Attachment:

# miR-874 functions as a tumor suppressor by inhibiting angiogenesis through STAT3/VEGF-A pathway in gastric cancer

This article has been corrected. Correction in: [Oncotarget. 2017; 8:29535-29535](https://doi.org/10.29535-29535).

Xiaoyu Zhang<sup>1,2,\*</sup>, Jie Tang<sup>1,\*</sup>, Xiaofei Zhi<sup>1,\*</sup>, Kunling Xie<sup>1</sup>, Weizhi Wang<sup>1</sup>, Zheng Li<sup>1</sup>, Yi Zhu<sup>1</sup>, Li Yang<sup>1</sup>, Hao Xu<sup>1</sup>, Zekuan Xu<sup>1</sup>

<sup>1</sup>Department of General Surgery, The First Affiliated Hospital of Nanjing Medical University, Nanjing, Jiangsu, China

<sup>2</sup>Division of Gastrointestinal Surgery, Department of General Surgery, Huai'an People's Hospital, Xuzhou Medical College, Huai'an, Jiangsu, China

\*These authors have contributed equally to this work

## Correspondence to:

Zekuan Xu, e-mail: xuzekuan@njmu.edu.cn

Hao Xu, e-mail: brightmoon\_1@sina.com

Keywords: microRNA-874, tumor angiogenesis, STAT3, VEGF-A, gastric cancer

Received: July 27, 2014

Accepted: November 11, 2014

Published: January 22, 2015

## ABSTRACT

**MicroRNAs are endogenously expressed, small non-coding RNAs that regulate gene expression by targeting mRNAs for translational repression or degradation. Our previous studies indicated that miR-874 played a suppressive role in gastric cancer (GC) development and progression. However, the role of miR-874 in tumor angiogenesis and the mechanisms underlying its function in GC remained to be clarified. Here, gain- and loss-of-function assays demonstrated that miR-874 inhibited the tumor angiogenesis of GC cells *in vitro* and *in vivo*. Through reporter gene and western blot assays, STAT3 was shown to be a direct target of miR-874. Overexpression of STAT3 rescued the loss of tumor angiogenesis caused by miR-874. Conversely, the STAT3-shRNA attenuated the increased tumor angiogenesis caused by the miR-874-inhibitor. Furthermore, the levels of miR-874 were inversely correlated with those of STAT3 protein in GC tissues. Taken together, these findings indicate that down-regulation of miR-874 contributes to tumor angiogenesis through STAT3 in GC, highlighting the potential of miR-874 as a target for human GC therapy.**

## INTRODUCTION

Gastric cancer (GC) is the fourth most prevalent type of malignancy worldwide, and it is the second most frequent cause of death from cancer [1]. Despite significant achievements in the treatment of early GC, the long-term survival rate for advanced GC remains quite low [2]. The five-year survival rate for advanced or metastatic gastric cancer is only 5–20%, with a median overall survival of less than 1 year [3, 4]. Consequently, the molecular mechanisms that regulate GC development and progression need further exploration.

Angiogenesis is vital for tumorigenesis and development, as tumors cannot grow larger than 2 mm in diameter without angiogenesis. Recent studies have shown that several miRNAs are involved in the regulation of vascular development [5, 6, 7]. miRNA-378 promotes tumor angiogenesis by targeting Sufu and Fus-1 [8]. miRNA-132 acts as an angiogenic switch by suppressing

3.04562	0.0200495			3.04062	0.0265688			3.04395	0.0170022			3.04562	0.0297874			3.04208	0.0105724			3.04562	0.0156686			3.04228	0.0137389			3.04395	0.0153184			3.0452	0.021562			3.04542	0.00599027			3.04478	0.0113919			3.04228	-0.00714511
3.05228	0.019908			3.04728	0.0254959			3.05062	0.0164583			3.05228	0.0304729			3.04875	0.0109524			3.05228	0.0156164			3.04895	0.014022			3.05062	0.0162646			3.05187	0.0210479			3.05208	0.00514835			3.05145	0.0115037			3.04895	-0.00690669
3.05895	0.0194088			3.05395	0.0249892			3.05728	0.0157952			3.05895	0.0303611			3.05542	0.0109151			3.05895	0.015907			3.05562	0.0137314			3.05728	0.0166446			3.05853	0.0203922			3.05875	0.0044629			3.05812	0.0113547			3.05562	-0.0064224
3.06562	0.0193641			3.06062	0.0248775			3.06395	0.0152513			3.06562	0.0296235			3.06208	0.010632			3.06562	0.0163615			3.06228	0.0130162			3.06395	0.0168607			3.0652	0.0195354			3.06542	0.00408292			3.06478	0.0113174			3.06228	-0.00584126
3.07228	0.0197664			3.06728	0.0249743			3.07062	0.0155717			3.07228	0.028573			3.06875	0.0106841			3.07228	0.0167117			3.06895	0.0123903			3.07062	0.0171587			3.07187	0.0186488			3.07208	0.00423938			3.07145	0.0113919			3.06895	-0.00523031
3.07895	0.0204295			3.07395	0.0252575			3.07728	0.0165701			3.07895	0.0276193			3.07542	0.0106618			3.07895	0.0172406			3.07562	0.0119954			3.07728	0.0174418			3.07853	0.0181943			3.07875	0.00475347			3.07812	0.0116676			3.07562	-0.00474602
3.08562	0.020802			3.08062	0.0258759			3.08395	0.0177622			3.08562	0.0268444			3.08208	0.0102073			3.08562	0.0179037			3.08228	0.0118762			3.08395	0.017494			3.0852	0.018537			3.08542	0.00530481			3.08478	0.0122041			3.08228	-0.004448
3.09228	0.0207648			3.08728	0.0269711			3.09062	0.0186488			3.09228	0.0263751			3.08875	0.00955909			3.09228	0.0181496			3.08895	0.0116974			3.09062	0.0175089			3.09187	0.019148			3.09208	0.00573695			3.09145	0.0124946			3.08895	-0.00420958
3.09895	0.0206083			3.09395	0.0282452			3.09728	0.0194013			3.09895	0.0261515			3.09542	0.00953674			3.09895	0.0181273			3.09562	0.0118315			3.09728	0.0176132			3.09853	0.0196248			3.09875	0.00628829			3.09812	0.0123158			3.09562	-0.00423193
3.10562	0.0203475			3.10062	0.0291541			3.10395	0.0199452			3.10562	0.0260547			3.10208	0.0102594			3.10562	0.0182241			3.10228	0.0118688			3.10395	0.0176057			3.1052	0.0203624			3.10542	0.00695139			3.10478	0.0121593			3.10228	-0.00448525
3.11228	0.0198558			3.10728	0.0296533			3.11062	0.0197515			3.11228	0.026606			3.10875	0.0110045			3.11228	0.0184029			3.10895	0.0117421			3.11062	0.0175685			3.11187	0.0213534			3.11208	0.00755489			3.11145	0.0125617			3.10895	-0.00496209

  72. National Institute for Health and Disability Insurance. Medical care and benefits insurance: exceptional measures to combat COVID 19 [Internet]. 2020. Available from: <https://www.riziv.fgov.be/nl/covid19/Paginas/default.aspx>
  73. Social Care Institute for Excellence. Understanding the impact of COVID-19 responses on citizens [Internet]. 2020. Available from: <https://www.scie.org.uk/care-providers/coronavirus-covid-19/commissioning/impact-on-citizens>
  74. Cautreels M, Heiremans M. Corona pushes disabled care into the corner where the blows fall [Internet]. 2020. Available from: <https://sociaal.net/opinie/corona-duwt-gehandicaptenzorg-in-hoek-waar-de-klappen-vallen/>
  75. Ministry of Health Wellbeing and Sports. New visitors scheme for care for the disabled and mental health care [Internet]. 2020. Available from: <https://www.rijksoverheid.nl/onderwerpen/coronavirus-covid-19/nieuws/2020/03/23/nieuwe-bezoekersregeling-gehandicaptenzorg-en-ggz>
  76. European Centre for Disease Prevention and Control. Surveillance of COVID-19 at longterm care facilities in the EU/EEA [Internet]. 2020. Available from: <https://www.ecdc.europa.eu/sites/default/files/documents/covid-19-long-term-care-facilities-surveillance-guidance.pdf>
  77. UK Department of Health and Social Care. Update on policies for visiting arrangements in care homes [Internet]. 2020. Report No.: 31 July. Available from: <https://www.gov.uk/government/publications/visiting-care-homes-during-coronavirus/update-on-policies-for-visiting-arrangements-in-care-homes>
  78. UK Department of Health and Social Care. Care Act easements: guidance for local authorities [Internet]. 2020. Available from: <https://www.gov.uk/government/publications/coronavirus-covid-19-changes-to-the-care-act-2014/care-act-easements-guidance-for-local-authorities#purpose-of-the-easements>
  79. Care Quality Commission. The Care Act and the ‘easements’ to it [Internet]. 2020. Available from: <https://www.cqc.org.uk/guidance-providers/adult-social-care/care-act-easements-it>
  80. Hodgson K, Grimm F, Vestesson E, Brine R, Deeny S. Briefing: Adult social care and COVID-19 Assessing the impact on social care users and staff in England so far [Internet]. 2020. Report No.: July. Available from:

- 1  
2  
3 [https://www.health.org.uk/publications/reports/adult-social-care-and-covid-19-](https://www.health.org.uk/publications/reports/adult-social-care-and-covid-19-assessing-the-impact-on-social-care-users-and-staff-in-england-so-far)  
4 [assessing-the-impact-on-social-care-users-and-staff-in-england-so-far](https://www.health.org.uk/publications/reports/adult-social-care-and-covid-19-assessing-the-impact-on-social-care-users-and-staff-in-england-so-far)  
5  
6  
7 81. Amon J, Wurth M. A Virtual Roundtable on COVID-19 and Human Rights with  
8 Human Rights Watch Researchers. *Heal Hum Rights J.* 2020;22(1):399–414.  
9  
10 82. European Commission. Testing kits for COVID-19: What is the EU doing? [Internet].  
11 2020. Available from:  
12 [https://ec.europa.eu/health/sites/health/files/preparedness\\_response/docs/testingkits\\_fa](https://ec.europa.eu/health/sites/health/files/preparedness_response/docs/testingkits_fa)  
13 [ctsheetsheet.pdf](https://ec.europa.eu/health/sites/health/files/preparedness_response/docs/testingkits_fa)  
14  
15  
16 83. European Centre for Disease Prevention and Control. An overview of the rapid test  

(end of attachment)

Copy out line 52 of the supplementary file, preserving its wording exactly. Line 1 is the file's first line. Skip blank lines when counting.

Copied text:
14  